Unfinished business has been a challenge this season. Detroit Mercy is 5-7, and much of the focus, especially by defenses, has been on Davis. Double team, triple team and trap defenses around Davis are often the norm. So is the aggressive attention.
“It gets frustrating sometimes because he should shoot more free throws due to the physical play,” said Mike Davis. “He’s probably averaging less free throws than anyone who scored 3,000 points.”
Despite coach Davis’ claims about opponents’ defensive play against his son, Antoine has managed to produce. Over his career, he’s shooting 88.5% from the free throw line and leads the team with 4.4 assists per game last season. He’s also one of only two men in the top 10 career scoring with 500 or more assists. The other is Saint Peter’s Keydren Clark (3,058 points and 501 assists).
Davis has ability to pass the ball, he’s defined by scoring, especially this season. Step inside the nearly 8,000-seat Calihan Hall, and in the corner of the arena’s northeast side is a banner highlighting “The Chase.” The running total of Davis’ career points are on the left side of the banner, and his career 3-pointers are on the right.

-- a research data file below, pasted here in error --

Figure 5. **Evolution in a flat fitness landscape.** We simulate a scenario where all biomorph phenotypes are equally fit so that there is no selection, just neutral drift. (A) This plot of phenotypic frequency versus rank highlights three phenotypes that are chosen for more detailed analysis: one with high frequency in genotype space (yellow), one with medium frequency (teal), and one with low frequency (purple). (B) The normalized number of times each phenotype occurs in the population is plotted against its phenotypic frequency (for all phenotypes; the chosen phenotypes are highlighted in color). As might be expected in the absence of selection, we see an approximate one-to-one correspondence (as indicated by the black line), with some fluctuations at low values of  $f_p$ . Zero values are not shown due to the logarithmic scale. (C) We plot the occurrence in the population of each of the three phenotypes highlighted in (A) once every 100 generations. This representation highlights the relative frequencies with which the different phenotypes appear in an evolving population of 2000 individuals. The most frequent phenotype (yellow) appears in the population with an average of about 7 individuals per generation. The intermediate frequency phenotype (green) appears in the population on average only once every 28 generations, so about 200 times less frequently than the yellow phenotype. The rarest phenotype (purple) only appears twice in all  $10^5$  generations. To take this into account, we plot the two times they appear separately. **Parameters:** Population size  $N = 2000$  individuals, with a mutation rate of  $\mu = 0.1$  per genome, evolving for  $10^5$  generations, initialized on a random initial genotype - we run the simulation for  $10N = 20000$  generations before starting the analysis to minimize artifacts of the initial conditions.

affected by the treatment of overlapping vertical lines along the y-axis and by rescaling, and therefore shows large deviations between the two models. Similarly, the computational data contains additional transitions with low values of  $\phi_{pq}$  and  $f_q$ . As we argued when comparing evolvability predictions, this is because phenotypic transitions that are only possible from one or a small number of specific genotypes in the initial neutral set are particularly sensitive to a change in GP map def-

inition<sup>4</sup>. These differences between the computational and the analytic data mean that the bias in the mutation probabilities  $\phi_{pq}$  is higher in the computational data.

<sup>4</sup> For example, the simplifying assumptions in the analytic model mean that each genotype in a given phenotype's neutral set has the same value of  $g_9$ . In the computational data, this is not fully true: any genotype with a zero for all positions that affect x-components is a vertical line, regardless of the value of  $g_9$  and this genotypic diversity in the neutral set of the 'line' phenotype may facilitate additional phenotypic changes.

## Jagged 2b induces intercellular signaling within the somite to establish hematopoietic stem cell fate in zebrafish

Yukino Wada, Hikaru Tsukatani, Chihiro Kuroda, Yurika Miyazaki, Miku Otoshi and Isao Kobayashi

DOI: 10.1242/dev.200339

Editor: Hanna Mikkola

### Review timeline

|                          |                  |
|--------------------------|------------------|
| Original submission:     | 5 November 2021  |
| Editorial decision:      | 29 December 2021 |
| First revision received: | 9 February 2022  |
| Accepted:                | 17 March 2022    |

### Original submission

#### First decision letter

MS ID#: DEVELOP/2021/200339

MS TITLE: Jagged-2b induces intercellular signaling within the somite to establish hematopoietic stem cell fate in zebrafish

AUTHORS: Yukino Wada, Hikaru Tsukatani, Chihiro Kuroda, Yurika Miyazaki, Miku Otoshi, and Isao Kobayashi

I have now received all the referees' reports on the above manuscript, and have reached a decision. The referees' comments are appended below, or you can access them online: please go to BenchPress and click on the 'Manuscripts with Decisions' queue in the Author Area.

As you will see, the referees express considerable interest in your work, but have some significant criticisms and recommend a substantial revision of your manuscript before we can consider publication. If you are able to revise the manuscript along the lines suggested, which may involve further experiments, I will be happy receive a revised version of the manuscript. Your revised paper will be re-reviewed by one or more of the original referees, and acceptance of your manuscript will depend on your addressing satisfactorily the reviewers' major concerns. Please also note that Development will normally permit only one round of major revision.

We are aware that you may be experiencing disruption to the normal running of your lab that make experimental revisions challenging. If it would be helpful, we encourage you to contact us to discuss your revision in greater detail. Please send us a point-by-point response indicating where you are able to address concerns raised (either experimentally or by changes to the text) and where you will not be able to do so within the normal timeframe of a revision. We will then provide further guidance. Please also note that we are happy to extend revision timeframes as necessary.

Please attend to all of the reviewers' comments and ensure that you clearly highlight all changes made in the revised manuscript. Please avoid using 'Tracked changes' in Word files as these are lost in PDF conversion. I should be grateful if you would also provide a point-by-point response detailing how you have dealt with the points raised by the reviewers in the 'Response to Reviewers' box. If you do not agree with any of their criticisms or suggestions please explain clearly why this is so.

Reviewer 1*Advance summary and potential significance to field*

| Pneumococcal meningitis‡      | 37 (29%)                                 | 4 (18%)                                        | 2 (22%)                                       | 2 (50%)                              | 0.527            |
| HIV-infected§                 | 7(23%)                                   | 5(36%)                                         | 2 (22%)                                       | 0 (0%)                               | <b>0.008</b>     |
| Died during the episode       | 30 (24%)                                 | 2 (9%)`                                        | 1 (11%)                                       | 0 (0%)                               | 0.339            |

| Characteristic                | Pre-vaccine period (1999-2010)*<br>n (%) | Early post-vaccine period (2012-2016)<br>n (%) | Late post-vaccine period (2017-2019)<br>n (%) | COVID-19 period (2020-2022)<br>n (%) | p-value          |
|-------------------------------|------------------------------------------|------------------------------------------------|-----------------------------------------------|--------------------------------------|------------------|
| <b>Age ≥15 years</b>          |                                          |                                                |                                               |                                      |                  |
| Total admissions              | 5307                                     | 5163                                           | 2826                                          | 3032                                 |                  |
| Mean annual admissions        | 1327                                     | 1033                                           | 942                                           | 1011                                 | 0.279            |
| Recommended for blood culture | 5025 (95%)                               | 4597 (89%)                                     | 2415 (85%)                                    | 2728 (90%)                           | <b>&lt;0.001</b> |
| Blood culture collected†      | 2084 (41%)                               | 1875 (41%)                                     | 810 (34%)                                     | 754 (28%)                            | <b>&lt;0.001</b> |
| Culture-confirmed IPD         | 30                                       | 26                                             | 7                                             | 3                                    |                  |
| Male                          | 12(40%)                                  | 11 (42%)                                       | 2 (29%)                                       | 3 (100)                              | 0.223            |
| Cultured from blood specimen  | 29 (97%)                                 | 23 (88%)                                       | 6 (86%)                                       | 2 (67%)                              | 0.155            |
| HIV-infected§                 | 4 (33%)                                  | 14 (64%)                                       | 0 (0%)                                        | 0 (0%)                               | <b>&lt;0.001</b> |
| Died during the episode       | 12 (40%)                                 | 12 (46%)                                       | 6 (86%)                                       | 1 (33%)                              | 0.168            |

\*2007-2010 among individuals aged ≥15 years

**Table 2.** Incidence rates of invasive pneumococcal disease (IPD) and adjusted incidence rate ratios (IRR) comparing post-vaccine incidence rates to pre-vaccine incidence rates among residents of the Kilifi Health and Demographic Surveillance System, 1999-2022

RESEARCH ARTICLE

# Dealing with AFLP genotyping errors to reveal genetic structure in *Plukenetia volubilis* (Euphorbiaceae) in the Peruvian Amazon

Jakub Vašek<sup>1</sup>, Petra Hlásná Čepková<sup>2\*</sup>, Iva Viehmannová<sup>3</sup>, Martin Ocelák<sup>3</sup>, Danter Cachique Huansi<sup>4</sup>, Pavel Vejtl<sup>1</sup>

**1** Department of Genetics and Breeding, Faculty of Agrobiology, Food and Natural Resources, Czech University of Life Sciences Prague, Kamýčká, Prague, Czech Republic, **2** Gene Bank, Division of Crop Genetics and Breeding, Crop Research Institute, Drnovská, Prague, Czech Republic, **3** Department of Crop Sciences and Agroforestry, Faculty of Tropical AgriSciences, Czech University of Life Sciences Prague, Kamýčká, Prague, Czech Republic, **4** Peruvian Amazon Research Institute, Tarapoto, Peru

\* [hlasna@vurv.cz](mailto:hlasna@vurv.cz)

And he’s embraced the chase.
“There’s the banner in the arena, and every time I’m on social media, someone’s talking about the record,” Davis said. “I try not to pay much attention, but it’s kind of hard with the banner right there. Winning the conference and making the tournament will always be first before the record, but it would be something special to even finish in the top three.”
All of the potential honors and accolades would come with a bit of emptiness due to the death of Davis’ grandfather who died from lung cancer last month.
“He watched all of my games,” Davis said. “He never stepped too far when it came to advice about basketball or records. He’d just tell me to play and work hard. Of course, I’d want him here to see [me possibly set records] but I know he’s up there proud of me.”